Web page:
- 2006 INDIES Finalist
- Finalist, Mystery (Adult Fiction)
Tara started to panic … she closed her eyes and squeezed the trigger … Tara glanced over to Wyatt, hoping to see an amazed and proud dad. Instead, he was clenching his teeth, grimacing. His right shoe had a blackened hole in it and blood was escaping onto the floor.
Because, in this flashback scene, Tara is only nine years old, the reader knows that this is no ordinary mystery. And since the reader knows who the bank robbers are—Wyatt and his daughter, Tara, who is twenty-two years old when the book takes place—the only mystery is how the pair has avoided capture for thirteen years. It must be those forty-seven rules that Wyatt created for Tara to train her in the proper way to rob a bank.
Each chapter opens with one of the rules, such as “Rule #16: Change your M.O. about as often as you change your underwear. No need to make things easy on the law.” When Wyatt starts to kill people during the bank robberies, Tara decides that once they score their biggest heist, she is going to strike out on her own.
Problems multiply when Tara falls for Max, the son of the sheriff in the town where she and her father are going to pull off their big robbery. Fortunately for Tara, the guy is as tired as Tara is of living under daddy’s wing, and he is more than ready for his own escape! If only Tara weren’t being pursued by her now manic and jealous father. And if only her father wasn’t being pursued by two equally crazy ex-partners. Thank goodness for the Vietnam Vet who is a veterinarian and, on occasion, a doctor.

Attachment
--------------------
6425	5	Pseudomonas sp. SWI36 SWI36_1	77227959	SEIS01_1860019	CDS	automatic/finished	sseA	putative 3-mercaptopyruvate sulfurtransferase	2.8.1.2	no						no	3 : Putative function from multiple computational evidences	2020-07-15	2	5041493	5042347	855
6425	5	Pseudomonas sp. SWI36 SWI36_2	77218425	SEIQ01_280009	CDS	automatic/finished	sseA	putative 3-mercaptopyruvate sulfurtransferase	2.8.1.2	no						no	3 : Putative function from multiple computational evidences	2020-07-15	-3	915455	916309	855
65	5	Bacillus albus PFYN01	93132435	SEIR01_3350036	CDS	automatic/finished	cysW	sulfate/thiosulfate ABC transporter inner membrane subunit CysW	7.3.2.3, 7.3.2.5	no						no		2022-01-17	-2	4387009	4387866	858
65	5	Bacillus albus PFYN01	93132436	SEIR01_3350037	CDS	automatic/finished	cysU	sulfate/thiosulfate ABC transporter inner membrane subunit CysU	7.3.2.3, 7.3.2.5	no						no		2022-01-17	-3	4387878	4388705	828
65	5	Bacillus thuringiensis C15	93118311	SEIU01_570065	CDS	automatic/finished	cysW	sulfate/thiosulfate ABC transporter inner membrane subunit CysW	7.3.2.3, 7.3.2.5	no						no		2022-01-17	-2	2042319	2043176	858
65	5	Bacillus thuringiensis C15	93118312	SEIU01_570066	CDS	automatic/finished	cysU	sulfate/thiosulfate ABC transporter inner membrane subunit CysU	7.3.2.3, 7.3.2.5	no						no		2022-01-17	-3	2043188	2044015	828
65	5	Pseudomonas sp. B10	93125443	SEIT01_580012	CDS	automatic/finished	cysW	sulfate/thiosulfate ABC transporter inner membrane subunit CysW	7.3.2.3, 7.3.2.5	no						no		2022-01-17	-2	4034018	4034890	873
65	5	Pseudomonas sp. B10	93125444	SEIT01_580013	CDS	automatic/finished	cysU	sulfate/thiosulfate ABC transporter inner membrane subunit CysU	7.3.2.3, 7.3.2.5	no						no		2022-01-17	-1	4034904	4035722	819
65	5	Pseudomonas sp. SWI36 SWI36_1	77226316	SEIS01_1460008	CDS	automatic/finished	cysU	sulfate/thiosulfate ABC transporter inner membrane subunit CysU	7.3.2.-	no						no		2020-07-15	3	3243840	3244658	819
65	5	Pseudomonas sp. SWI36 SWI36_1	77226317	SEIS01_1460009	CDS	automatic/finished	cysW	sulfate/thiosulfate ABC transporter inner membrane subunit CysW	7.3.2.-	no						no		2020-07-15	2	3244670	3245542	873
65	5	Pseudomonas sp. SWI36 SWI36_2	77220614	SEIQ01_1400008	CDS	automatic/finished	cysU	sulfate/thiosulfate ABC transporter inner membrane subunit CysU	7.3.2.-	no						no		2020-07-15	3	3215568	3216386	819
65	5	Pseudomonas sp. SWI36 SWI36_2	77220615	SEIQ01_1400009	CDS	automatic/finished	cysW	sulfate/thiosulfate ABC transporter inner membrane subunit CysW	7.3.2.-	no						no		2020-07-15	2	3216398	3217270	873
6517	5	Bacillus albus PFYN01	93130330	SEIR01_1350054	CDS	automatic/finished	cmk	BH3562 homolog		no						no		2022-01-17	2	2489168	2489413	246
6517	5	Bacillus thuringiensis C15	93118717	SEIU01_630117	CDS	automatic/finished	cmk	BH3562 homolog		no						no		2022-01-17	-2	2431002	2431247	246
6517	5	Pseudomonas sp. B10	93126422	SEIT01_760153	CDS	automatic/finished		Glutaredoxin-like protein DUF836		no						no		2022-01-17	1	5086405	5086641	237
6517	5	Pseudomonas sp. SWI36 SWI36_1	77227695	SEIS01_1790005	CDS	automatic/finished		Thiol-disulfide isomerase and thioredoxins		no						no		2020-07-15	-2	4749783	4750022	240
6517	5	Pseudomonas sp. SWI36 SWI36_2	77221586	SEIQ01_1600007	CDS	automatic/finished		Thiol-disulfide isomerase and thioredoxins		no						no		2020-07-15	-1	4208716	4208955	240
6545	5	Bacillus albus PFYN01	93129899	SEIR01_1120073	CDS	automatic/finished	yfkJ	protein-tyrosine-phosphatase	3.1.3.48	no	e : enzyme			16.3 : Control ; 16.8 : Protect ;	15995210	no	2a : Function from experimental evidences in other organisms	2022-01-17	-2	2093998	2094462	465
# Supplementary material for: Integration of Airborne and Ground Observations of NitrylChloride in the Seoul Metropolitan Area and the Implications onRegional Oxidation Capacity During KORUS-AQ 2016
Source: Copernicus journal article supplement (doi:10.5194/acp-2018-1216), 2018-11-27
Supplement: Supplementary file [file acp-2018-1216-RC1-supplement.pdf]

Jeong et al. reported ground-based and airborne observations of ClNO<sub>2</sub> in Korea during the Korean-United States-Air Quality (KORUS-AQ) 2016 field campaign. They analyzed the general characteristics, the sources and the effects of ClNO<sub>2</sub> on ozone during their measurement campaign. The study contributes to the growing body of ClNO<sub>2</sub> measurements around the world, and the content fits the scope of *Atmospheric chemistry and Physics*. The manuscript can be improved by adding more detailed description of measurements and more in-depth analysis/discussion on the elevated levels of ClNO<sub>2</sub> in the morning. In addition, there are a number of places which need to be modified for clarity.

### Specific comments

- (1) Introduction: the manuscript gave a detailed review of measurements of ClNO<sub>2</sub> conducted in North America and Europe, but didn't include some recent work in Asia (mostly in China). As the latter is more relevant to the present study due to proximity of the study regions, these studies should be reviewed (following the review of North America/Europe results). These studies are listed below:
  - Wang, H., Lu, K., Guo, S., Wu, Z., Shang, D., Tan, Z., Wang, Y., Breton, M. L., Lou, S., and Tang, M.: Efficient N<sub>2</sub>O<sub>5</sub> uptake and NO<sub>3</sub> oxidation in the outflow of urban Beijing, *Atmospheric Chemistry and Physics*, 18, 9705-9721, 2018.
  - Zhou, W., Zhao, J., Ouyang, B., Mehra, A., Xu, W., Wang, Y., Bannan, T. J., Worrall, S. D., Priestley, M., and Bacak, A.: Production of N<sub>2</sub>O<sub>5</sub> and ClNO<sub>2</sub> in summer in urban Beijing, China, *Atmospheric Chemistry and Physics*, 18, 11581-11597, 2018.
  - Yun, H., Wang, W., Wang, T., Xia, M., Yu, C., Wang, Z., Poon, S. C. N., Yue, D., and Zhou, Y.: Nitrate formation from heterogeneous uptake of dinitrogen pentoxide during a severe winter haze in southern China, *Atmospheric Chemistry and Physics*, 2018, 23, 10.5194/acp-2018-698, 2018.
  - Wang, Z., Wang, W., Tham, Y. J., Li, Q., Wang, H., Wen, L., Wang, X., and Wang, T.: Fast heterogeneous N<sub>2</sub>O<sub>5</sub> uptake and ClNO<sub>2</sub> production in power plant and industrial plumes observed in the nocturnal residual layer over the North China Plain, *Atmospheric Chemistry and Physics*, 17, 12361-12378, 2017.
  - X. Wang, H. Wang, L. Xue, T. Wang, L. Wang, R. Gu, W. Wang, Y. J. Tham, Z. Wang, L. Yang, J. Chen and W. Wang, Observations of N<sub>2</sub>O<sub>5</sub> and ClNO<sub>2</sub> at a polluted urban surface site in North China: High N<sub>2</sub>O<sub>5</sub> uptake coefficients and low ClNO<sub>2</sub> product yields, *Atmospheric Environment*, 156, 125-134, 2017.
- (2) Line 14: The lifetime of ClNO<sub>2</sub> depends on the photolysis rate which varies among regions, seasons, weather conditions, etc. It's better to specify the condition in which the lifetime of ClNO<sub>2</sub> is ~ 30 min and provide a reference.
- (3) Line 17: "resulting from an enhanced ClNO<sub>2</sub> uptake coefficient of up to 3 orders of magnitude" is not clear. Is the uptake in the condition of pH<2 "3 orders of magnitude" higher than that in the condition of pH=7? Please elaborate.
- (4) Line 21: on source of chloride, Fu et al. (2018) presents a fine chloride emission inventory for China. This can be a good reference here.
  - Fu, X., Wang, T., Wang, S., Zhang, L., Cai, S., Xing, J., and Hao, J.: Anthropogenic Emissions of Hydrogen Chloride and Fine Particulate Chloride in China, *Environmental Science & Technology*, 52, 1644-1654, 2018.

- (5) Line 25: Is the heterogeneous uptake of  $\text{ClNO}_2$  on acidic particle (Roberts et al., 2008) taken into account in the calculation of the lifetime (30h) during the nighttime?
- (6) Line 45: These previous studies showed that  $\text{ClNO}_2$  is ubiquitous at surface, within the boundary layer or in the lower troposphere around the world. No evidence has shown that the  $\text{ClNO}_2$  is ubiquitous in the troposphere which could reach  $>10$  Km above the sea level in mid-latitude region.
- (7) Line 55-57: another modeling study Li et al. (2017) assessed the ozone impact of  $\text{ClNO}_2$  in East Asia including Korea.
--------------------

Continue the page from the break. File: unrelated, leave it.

The author, who has worked on eighty feature films, deftly forges several plotlines together in this debut novel, while creating characters that precariously walk the border between the believable and the absurd. The FBI agent in charge has a hankering for blood and gore; the local sheriff has tried to live a good life and be a good father to his motherless son by reading every self-help book he can find; and the lawless bank robber, Wyatt, earns the name Preacher because of his tirades about the unconscionable behavior of insurance companies.
This book definitely has a sense of the theater of the absurd. The reader is often unsure whether to cheer for the good guys, or to hope they end up behind bars. One thing is certain, though—the pages will keep turning just so the reader can see whether the sheriff will turn in his son, whether the only sane FBI agent will catch the bad guys, whether Tara and Max will ride off into the sunset to rob their own banks, or whether crazy Wyatt will have the last word.
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